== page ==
making trails in abandoned fields- Mtbr.com
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  1. #1
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    making trails in abandoned fields

    I have 50 acres of (mostly) abandoned farmland. It has some interesting features such as a ravine with a creek in it, swamp, wetland and 10 acres of hardwood forest with some vertical variation allowing nice technical (if short) descents. The forest is really easy to build trails in using chainsaw and tractor (43 HP) but my problems in the rest of the property are:

    1. Bumpy fields

    Where the trails cross the abandoned fields, it is uncomfortably bumpy, not in a good way but just in a frustrating (to my kids and friends) way. I've tried a box scraper but it didn't make much difference. I was thinking of renting a rototiller and tilling the trails then running over them with the boxscraper. But I'm worried this will make them boring.

    2. Vanilla areas

    There are some boring areas which I would like to liven up with simple obstacles. I have an endless supply of tree trunks and logs, up to about 16" in diameter. I also have a bunch of leftover fill from house construction. The only stipulation is that I have to keep the trails passable for horses.

    3. Seasonal flooding

    In the spring a lot of the area I would like to build trails in is under a foot of water as a result of beaver activity. Any suggestions? Also I have swampy areas which eventually dry out in the fall... looking for simple and cheap ways of building boardwalks over these.

    4. Trail marking

    Finally, I'd really like to find an inconspicuous but clear way of marking trails. Ideas?

    Thanks for any help.

  2. #2
    Don't worry, be happy!
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  3. #3
    Shortcutting Hikabiker
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    for #3 kill the beavers

  4. #4
    since 4/10/2009
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    Let the beavers alone and work around their activity. Either build an elevated boardwalk type trail over the seasonally flooded terrain, or avoid it altogether.

  5. #5
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    The beavers are staying where they are for the moment.

    The IMBA resources are very helpful...

    For the seasonally flooded area I think the answer is a kind of bridge/boardwalk but the question is how fancy (or not). Something like a long ladder bridge would work as there is no problem dropping piles all the way along.

    What's your favorite way to build a ladder (assuming that there is lots of forest lumber on hand and a chainsaw)?

  6. #6
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    The biggest question, oddly, is the one that seems the simplest. The abandoned fields are incredibly bumpy (imagine biking over a plowed field) and also pretty stony. It is a really unpleasant riding experience. I have a box scraper with tines but even on its most aggressive setting it tends to ride over the top of the surface.

    I was thinking of maybe using a roller like this one on a wet day:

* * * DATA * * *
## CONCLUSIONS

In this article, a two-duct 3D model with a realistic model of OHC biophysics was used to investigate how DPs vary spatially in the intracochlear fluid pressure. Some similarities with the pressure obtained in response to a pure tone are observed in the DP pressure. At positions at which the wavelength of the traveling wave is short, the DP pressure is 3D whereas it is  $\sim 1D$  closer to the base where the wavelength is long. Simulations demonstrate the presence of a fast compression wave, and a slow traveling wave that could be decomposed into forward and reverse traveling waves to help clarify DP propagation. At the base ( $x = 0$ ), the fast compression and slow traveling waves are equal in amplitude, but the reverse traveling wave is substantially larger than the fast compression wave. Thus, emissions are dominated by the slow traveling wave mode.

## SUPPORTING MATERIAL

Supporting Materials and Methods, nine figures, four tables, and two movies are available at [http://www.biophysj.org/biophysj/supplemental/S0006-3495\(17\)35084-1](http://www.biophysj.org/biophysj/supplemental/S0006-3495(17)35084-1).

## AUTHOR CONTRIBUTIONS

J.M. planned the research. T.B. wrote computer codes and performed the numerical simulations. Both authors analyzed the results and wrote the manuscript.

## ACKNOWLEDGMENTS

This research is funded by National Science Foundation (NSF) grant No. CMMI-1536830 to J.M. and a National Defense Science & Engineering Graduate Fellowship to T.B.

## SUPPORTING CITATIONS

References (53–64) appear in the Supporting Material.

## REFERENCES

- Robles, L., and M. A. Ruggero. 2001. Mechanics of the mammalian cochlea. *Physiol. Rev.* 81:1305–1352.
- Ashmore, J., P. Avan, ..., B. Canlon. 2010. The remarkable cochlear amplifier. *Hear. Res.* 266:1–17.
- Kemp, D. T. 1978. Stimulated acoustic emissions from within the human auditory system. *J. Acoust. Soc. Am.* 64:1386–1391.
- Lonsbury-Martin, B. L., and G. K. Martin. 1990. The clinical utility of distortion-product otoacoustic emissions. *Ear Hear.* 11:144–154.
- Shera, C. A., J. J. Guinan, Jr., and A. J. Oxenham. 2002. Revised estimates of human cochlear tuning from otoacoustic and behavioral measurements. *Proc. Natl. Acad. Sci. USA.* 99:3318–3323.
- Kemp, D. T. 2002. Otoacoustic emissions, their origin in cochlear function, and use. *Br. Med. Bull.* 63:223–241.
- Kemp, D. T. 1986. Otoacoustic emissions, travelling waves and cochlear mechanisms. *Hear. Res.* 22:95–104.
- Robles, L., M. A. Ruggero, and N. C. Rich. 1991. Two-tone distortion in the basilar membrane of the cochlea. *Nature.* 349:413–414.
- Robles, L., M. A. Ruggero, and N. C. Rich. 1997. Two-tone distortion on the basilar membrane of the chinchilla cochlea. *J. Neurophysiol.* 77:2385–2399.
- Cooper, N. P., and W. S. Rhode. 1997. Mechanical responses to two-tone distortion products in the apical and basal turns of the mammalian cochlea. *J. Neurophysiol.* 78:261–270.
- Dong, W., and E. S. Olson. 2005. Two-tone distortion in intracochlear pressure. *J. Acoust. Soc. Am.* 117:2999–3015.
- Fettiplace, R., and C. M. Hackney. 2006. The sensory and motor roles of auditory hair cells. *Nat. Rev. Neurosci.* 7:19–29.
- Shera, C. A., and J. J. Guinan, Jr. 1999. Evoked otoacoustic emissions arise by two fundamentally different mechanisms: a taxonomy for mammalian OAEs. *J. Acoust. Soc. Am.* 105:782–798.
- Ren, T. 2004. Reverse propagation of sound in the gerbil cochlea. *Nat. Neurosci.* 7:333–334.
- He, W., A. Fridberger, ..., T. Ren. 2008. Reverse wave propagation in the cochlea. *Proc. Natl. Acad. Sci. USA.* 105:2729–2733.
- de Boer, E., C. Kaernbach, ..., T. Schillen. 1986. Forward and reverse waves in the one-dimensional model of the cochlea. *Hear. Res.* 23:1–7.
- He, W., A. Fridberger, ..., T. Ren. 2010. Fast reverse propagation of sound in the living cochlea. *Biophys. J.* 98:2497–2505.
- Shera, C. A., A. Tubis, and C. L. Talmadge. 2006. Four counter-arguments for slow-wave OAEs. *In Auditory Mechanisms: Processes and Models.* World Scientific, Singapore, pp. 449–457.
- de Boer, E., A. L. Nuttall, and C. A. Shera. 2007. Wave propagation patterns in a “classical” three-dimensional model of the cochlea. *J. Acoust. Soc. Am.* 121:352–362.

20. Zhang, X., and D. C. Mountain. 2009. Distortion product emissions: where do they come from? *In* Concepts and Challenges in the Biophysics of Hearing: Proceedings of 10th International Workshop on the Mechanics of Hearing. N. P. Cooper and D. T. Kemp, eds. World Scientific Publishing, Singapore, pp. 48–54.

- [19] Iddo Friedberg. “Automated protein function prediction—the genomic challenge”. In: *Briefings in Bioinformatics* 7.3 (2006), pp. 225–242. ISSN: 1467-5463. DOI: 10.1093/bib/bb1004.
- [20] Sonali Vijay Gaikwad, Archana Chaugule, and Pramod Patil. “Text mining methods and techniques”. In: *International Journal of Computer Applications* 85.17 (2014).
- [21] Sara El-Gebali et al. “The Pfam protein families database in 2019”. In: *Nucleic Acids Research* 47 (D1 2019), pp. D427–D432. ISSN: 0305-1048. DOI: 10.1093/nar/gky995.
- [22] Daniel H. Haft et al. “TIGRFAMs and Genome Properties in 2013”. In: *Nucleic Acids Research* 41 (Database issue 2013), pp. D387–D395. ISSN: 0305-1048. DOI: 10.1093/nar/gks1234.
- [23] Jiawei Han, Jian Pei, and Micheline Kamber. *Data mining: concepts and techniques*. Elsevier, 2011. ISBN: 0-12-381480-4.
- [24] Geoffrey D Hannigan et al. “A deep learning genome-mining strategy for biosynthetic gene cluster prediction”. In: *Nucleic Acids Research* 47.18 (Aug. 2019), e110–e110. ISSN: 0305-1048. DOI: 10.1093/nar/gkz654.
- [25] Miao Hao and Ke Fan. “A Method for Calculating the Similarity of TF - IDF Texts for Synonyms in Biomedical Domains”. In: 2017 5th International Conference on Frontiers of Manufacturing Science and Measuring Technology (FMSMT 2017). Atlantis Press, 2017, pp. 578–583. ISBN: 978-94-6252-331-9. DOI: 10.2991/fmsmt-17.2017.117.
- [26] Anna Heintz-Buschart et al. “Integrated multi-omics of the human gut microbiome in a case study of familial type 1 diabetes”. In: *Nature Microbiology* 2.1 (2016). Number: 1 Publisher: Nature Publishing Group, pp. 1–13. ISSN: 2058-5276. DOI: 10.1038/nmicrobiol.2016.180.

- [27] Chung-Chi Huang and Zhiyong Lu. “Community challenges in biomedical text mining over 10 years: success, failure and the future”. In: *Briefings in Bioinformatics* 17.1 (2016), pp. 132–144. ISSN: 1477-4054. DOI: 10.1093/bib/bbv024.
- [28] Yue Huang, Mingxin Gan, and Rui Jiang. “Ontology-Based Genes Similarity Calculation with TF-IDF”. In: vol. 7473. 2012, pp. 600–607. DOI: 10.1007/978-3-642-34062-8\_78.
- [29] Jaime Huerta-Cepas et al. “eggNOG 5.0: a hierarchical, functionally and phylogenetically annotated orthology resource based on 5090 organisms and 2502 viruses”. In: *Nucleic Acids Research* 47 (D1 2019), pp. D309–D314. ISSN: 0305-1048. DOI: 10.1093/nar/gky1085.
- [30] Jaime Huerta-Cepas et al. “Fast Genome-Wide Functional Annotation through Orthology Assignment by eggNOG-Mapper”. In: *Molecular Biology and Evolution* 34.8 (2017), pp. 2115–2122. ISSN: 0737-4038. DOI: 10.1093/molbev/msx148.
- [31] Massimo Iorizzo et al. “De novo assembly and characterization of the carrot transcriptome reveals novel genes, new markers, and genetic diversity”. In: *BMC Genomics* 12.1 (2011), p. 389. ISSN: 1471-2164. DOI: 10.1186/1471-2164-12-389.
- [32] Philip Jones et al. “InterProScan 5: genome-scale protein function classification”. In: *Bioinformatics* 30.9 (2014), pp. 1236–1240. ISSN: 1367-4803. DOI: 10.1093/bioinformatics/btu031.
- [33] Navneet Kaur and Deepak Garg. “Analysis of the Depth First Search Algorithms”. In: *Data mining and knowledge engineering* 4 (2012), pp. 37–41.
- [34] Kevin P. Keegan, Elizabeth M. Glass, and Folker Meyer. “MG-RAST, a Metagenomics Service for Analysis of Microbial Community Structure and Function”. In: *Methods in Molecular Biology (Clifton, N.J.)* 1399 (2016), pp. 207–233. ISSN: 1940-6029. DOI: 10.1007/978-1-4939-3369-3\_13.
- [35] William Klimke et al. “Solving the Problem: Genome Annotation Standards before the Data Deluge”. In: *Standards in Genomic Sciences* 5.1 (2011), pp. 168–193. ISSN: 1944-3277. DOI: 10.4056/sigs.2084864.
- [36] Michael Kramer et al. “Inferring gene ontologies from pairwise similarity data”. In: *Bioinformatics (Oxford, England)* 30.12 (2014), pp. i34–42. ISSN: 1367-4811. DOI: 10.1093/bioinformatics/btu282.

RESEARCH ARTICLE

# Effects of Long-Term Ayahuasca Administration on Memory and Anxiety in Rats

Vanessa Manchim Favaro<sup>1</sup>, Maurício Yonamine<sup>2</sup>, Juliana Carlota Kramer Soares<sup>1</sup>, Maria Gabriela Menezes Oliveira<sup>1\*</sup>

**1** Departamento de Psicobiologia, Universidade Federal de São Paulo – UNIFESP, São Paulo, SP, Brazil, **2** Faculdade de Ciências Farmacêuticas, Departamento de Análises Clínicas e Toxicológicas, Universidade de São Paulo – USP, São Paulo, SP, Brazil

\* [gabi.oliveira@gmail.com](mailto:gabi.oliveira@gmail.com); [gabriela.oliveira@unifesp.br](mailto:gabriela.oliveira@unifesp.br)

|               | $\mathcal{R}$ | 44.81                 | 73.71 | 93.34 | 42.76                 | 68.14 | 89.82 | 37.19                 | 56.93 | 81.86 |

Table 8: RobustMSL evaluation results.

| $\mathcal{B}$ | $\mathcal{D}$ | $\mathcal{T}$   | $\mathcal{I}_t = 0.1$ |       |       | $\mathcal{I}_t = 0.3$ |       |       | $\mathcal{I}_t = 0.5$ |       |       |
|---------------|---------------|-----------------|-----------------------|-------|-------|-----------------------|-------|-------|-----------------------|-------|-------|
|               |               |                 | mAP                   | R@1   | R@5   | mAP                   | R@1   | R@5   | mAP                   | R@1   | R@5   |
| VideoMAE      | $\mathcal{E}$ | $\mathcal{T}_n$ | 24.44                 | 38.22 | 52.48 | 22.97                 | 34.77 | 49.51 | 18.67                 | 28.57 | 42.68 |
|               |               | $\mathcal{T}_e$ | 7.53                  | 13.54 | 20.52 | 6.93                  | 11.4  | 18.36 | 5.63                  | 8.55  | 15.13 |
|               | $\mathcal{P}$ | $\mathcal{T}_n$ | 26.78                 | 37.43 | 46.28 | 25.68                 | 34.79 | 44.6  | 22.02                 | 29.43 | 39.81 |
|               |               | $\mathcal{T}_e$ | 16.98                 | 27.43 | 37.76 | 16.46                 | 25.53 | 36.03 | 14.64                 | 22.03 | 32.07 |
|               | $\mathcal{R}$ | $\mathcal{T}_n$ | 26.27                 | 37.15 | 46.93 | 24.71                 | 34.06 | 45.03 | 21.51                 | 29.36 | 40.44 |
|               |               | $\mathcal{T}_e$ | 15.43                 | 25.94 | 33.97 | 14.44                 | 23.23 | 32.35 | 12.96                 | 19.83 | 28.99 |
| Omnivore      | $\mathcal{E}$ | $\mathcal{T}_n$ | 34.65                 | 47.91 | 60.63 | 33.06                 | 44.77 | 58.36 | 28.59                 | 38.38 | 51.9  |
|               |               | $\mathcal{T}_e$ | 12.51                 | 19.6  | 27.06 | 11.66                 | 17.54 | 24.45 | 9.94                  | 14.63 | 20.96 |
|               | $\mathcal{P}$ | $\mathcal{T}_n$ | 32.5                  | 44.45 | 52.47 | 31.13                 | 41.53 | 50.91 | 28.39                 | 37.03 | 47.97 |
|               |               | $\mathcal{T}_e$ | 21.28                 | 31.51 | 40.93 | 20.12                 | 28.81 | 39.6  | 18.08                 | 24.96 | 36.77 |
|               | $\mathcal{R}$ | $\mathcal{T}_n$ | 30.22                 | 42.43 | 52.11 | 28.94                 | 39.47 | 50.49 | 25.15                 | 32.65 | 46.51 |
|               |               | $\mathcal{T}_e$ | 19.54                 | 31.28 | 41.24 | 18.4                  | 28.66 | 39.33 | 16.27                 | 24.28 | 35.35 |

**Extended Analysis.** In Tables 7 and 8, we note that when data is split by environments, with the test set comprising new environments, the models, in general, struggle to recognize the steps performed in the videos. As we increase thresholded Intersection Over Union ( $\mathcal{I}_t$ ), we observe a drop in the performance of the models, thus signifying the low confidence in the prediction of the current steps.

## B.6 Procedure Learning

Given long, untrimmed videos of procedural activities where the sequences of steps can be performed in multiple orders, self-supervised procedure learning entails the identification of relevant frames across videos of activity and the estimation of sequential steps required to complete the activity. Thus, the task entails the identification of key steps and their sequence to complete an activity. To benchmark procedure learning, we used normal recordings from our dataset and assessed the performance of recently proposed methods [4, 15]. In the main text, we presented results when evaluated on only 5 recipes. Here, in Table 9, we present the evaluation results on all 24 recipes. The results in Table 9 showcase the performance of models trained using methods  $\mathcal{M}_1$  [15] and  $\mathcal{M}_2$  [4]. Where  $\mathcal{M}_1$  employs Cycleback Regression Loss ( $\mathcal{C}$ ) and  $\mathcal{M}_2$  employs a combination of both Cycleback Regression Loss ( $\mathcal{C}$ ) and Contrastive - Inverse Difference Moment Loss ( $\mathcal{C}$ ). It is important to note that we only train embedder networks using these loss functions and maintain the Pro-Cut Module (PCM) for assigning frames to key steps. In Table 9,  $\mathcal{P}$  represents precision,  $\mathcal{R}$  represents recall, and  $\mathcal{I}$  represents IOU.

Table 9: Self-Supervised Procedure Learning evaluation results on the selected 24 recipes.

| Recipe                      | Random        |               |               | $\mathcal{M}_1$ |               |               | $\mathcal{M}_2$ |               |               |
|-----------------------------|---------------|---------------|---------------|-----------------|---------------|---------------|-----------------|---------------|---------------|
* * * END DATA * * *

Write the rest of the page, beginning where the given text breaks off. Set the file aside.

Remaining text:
http://www.northerntool.ca/product_i...6714c2545ce321

  7. #7

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    For the bumpy fields, how far is it? Is it something you could just shovel smooth? Otherwise drag it on a nice soft day, or try to look hard for smooth areas and wind your field trail through them.

    For the wet areas, I like a boardwalk made using mostly saplings. You can cut them right where you need them mostly, and if the ride feels bumpy you can either split larger pieces for a smoother ride, or deck it with pallet pieces. Oh yeah, use cedar for anything touching the water or dirt. I cut smallish cedar trees, sharpen an end, and drive them deep for pilings. Wet conditions make this the easiest.

    On the vanilla areas, just get creative. Throw in some bridges, some small dirt jumps and roller sections, like a pumptrack. It sounds like you have the equipment, so you can make some nice berms and such.

    At my old trails, we built jumps across our creeks, some get big, but you can make them step ups on uneven creek banks sides to minimize landing impacts. Have fun and I am so damn jealous. I wish I had to decide how to fill 50 acres with my own trail system.
    erik

  8. #8
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    Quote Originally Posted by pinkheadedbug
    The biggest question, oddly, is the one that seems the simplest. The abandoned fields are incredibly bumpy (imagine biking over a plowed field)
    Sounds like the field was plowed and then left alone. Since you have a tractor, you could plow (or rip with a ripper) your trails, followed by disking. You'd have to locate a plow and a disk obviously, but that will remove your humps.

    The problem is then how do you wear the trail in. Walking a horse or riding a motorcycle down the trail a dozen times will compact the tread area, but it will also make the tread an instant erosion problem (tread will be lower than surrounding tilled earth) if the trail has any fall line areas. Perhaps when you disk, you go one way, then the opposite way with a one or two bottom plow. This might create a mound in the middle, making a high spot for the tread and providing some drainage on each side. I haven't done this before, but from growing up on a farm (1,200 acres) and building trail, it sorta makes sense.

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